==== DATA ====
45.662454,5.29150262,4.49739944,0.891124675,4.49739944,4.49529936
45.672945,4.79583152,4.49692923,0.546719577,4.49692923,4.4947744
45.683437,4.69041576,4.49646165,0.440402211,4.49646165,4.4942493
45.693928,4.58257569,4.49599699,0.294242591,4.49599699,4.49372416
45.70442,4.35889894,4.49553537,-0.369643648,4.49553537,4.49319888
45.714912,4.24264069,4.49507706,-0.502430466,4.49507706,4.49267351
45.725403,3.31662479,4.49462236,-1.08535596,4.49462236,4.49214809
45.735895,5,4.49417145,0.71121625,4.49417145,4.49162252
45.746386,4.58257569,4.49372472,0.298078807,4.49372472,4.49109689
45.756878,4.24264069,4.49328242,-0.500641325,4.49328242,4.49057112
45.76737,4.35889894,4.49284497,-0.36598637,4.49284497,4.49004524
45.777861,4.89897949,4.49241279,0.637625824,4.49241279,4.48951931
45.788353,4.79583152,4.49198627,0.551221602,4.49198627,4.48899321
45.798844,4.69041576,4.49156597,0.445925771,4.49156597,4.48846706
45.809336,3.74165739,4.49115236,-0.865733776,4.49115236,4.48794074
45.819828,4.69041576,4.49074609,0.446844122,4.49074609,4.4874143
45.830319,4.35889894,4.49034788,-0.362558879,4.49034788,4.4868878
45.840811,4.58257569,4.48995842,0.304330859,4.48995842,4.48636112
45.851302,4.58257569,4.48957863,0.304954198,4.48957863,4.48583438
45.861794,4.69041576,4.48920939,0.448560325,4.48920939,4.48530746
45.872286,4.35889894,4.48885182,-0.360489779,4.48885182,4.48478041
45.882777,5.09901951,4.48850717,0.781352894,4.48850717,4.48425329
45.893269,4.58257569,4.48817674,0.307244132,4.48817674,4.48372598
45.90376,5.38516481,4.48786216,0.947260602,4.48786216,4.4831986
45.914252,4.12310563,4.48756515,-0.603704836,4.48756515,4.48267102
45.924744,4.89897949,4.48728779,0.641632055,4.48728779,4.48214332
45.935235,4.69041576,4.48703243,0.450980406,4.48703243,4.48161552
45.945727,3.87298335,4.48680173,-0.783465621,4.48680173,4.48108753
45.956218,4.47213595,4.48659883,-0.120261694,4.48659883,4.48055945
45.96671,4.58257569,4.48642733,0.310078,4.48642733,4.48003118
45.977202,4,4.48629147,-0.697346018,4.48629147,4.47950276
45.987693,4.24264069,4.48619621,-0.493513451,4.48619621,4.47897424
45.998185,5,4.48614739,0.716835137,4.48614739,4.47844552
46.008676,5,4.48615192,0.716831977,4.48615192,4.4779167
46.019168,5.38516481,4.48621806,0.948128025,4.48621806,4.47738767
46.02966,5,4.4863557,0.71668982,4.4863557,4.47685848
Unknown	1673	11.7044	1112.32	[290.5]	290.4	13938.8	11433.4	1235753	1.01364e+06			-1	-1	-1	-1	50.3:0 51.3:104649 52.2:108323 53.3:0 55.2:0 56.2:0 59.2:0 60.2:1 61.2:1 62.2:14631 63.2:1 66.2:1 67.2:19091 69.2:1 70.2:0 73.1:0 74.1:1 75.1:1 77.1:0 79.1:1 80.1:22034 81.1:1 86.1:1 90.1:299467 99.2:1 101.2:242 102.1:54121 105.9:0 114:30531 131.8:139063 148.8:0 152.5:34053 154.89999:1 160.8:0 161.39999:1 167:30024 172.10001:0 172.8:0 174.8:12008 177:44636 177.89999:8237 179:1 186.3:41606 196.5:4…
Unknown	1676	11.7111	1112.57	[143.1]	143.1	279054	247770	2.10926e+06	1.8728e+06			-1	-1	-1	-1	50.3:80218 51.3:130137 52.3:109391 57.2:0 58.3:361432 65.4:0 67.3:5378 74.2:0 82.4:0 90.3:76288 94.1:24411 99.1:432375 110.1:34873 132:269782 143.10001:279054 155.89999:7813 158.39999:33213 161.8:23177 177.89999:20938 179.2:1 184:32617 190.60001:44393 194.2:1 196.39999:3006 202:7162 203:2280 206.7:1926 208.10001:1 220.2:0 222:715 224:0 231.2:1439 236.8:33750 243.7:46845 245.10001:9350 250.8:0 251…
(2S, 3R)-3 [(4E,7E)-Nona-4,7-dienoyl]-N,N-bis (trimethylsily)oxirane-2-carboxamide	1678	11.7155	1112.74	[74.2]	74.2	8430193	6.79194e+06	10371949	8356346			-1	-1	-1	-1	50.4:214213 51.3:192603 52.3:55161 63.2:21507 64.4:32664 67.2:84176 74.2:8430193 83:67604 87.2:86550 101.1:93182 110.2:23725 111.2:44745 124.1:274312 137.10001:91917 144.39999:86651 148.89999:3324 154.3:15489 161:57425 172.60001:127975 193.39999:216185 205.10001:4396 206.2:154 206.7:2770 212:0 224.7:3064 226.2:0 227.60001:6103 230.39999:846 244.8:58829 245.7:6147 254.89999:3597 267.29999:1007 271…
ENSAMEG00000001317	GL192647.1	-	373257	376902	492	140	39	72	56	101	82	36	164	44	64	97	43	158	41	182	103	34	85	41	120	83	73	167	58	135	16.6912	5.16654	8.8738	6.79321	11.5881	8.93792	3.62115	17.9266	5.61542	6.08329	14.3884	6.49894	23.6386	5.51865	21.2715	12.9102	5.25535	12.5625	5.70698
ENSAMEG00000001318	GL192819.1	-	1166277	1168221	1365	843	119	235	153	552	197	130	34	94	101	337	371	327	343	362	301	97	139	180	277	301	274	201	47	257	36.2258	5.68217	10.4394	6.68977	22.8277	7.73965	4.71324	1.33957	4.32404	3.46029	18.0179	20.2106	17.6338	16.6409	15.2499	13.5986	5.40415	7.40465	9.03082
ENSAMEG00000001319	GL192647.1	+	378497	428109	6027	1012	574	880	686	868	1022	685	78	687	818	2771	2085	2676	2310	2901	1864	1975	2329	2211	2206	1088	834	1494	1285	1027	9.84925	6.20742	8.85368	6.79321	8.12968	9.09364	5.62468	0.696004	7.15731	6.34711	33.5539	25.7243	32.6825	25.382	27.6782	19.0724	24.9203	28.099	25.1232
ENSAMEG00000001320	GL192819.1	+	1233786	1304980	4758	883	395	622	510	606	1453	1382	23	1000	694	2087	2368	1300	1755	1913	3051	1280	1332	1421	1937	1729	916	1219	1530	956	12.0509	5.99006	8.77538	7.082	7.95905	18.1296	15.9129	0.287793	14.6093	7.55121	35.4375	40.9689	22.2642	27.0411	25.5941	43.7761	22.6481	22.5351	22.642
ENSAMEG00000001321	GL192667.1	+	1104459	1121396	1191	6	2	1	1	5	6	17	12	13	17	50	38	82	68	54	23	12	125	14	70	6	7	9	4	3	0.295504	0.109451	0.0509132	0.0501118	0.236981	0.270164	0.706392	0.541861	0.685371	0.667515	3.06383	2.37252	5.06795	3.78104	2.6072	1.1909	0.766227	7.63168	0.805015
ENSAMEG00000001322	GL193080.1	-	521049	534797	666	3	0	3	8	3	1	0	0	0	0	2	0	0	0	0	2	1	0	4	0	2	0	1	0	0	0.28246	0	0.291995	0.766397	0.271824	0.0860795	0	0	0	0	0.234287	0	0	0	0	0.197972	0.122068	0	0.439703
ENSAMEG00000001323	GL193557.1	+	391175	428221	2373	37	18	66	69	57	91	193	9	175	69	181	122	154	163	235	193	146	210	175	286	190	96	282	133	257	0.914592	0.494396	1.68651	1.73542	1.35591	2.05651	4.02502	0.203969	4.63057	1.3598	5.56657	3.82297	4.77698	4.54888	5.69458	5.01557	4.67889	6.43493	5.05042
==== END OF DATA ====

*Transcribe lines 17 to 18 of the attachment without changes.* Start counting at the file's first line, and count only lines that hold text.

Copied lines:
45.830319,4.35889894,4.49034788,-0.362558879,4.49034788,4.4868878
45.840811,4.58257569,4.48995842,0.304330859,4.48995842,4.48636112